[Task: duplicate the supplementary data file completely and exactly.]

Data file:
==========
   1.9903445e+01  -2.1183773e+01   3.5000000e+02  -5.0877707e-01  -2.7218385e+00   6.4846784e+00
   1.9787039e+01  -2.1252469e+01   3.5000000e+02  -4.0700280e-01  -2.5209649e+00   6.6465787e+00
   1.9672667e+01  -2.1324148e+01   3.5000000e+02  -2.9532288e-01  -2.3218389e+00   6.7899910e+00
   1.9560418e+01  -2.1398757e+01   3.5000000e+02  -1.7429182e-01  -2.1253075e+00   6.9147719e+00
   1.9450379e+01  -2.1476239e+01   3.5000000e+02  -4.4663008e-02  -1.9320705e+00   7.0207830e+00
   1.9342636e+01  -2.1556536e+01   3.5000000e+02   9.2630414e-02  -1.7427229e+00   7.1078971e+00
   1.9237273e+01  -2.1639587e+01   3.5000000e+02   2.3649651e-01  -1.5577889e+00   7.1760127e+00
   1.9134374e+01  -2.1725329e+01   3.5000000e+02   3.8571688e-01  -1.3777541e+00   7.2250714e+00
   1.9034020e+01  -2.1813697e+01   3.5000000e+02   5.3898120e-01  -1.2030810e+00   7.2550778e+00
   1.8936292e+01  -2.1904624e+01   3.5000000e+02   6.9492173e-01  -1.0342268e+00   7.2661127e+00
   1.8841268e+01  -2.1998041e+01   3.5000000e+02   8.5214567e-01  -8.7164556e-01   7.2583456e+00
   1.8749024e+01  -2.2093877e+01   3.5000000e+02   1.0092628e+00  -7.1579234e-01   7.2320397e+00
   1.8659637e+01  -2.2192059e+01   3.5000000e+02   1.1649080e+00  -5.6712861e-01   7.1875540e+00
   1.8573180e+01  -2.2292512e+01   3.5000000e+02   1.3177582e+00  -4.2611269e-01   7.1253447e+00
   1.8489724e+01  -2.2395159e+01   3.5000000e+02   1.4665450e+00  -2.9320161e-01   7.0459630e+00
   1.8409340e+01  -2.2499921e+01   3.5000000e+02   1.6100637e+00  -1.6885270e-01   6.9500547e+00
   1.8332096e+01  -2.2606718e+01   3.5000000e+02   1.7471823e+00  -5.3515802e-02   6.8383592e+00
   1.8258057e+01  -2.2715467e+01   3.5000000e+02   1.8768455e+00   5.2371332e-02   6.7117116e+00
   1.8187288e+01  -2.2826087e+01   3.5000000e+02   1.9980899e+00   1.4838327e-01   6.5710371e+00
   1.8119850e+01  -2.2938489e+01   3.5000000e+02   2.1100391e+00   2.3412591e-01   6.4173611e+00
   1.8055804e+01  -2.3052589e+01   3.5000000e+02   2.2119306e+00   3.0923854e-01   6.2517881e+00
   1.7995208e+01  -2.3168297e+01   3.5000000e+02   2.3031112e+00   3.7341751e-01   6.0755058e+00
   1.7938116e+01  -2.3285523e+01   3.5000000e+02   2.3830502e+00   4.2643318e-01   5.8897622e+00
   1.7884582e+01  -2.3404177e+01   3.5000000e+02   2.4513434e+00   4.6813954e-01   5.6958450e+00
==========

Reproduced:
   1.9903445e+01  -2.1183773e+01   3.5000000e+02  -5.0877707e-01  -2.7218385e+00   6.4846784e+00
   1.9787039e+01  -2.1252469e+01   3.5000000e+02  -4.0700280e-01  -2.5209649e+00   6.6465787e+00
   1.9672667e+01  -2.1324148e+01   3.5000000e+02  -2.9532288e-01  -2.3218389e+00   6.7899910e+00
   1.9560418e+01  -2.1398757e+01   3.5000000e+02  -1.7429182e-01  -2.1253075e+00   6.9147719e+00
   1.9450379e+01  -2.1476239e+01   3.5000000e+02  -4.4663008e-02  -1.9320705e+00   7.0207830e+00
   1.9342636e+01  -2.1556536e+01   3.5000000e+02   9.2630414e-02  -1.7427229e+00   7.1078971e+00
   1.9237273e+01  -2.1639587e+01   3.5000000e+02   2.3649651e-01  -1.5577889e+00   7.1760127e+00
   1.9134374e+01  -2.1725329e+01   3.5000000e+02   3.8571688e-01  -1.3777541e+00   7.2250714e+00
   1.9034020e+01  -2.1813697e+01   3.5000000e+02   5.3898120e-01  -1.2030810e+00   7.2550778e+00
   1.8936292e+01  -2.1904624e+01   3.5000000e+02   6.9492173e-01  -1.0342268e+00   7.2661127e+00
   1.8841268e+01  -2.1998041e+01   3.5000000e+02   8.5214567e-01  -8.7164556e-01   7.2583456e+00
   1.8749024e+01  -2.2093877e+01   3.5000000e+02   1.0092628e+00  -7.1579234e-01   7.2320397e+00
   1.8659637e+01  -2.2192059e+01   3.5000000e+02   1.1649080e+00  -5.6712861e-01   7.1875540e+00
   1.8573180e+01  -2.2292512e+01   3.5000000e+02   1.3177582e+00  -4.2611269e-01   7.1253447e+00
   1.8489724e+01  -2.2395159e+01   3.5000000e+02   1.4665450e+00  -2.9320161e-01   7.0459630e+00
   1.8409340e+01  -2.2499921e+01   3.5000000e+02   1.6100637e+00  -1.6885270e-01   6.9500547e+00
   1.8332096e+01  -2.2606718e+01   3.5000000e+02   1.7471823e+00  -5.3515802e-02   6.8383592e+00
   1.8258057e+01  -2.2715467e+01   3.5000000e+02   1.8768455e+00   5.2371332e-02   6.7117116e+00
   1.8187288e+01  -2.2826087e+01   3.5000000e+02   1.9980899e+00   1.4838327e-01   6.5710371e+00
   1.8119850e+01  -2.2938489e+01   3.5000000e+02   2.1100391e+00   2.3412591e-01   6.4173611e+00
   1.8055804e+01  -2.3052589e+01   3.5000000e+02   2.2119306e+00   3.0923854e-01   6.2517881e+00
   1.7995208e+01  -2.3168297e+01   3.5000000e+02   2.3031112e+00   3.7341751e-01   6.0755058e+00
   1.7938116e+01  -2.3285523e+01   3.5000000e+02   2.3830502e+00   4.2643318e-01   5.8897622e+00
   1.7884582e+01  -2.3404177e+01   3.5000000e+02   2.4513434e+00   4.6813954e-01   5.6958450e+00